A landlord can refuse to fix things

If a tenant reports a lack of rent to his landlord and the landlord does not react, the question of how to proceed further arises: Should the tenant rectify the defect at his own expense and ask the landlord to pay an advance? Or does it make more sense to have the landlord sentenced to carry out the repairs? Does it make sense not to repair the damage and reduce the rent? In particular, the risk of litigation costs in a tenancy dispute plays a decisive role in this decision.

1. The burden of proof is decisive

In principle, the landlord is obliged to carry out repairs so that the tenant can use the apartment in the contractually agreed manner. However, this principle does not apply to defects caused by the tenant himself. The decisive factor in a process is the question of the burden of proof. It is always about areas of responsibility. For example, if the landlord can prove that the damage occurred in the tenant's area of ​​responsibility, the tenant must prove that he is not responsible for the defective condition of the property. In detail, this question can become very complicated - so that even experienced lawyers cannot make a prognosis about a court judgment with absolute certainty. However, certain case constellations are typical and are decided uniformly by the courts.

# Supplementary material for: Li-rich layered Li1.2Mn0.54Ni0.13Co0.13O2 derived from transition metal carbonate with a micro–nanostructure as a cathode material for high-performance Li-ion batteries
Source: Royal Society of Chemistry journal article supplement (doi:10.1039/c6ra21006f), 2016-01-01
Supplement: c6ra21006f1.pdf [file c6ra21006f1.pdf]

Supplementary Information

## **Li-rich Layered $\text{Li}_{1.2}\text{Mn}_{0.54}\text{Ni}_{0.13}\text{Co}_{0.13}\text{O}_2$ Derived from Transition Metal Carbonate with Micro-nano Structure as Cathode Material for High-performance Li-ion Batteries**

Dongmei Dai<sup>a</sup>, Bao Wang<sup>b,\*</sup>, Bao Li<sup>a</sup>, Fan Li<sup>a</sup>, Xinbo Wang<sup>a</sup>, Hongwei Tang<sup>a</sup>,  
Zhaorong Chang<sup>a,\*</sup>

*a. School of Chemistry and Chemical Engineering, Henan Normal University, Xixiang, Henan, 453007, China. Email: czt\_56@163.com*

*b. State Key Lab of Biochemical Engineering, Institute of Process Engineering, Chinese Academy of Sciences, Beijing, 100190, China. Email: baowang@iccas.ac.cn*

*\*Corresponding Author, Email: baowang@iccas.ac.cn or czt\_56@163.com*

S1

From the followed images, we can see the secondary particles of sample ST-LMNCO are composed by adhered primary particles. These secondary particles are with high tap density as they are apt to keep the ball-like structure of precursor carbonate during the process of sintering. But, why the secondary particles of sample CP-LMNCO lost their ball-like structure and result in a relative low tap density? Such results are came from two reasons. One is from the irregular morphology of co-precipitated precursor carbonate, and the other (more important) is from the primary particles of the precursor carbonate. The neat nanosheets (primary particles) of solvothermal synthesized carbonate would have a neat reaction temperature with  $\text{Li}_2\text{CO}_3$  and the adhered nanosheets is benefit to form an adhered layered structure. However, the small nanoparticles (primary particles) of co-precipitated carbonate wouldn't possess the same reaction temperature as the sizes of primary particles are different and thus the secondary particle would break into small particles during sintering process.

2. Possible types of action

Various types of action are possible in civil law. There are essentially three options in the present case constellation:

  • The landlord can be obliged to carry out the repair (obligation action)
  • The tenant can carry out the repair himself and sue the landlord for reimbursement of costs or demand an advance payment (performance suit)
  • The tenant reduces his rent; this leads to a declaratory action on the entitlement to a rent reduction.

3. The costs (amount in dispute)

The costs of a legal dispute always depend on the amount in dispute. This is usually the value of the item that is ultimately at stake. At a Advance action the matter is quite clear: the cost of the repair corresponds to the amount in dispute.

At Compulsory actions and declaratory actions the matter is naturally more difficult. If tenants and landlords argue about remedying defects in an apartment, it is not the costs of this measure that are decisive, but a (fictitious) rent reduction that a tenant would be entitled to. This is extrapolated to the year. The assessment basis for the rent reduction is not the basic rent, but the basic rent (BGH, judgment of April 6, 2005 - XII ZR 225/03). The justification for the orientation towards the warm rent is based on the fact that the use of an apartment represents a total service - without the ancillary costs, this service is incomplete and the apartment cannot be fully used. With a warm rent of 500 euros and a rent reduction of 10%, for example, there is an annual reduction of 600 euros (twelve monthly reductions of 50 euros each).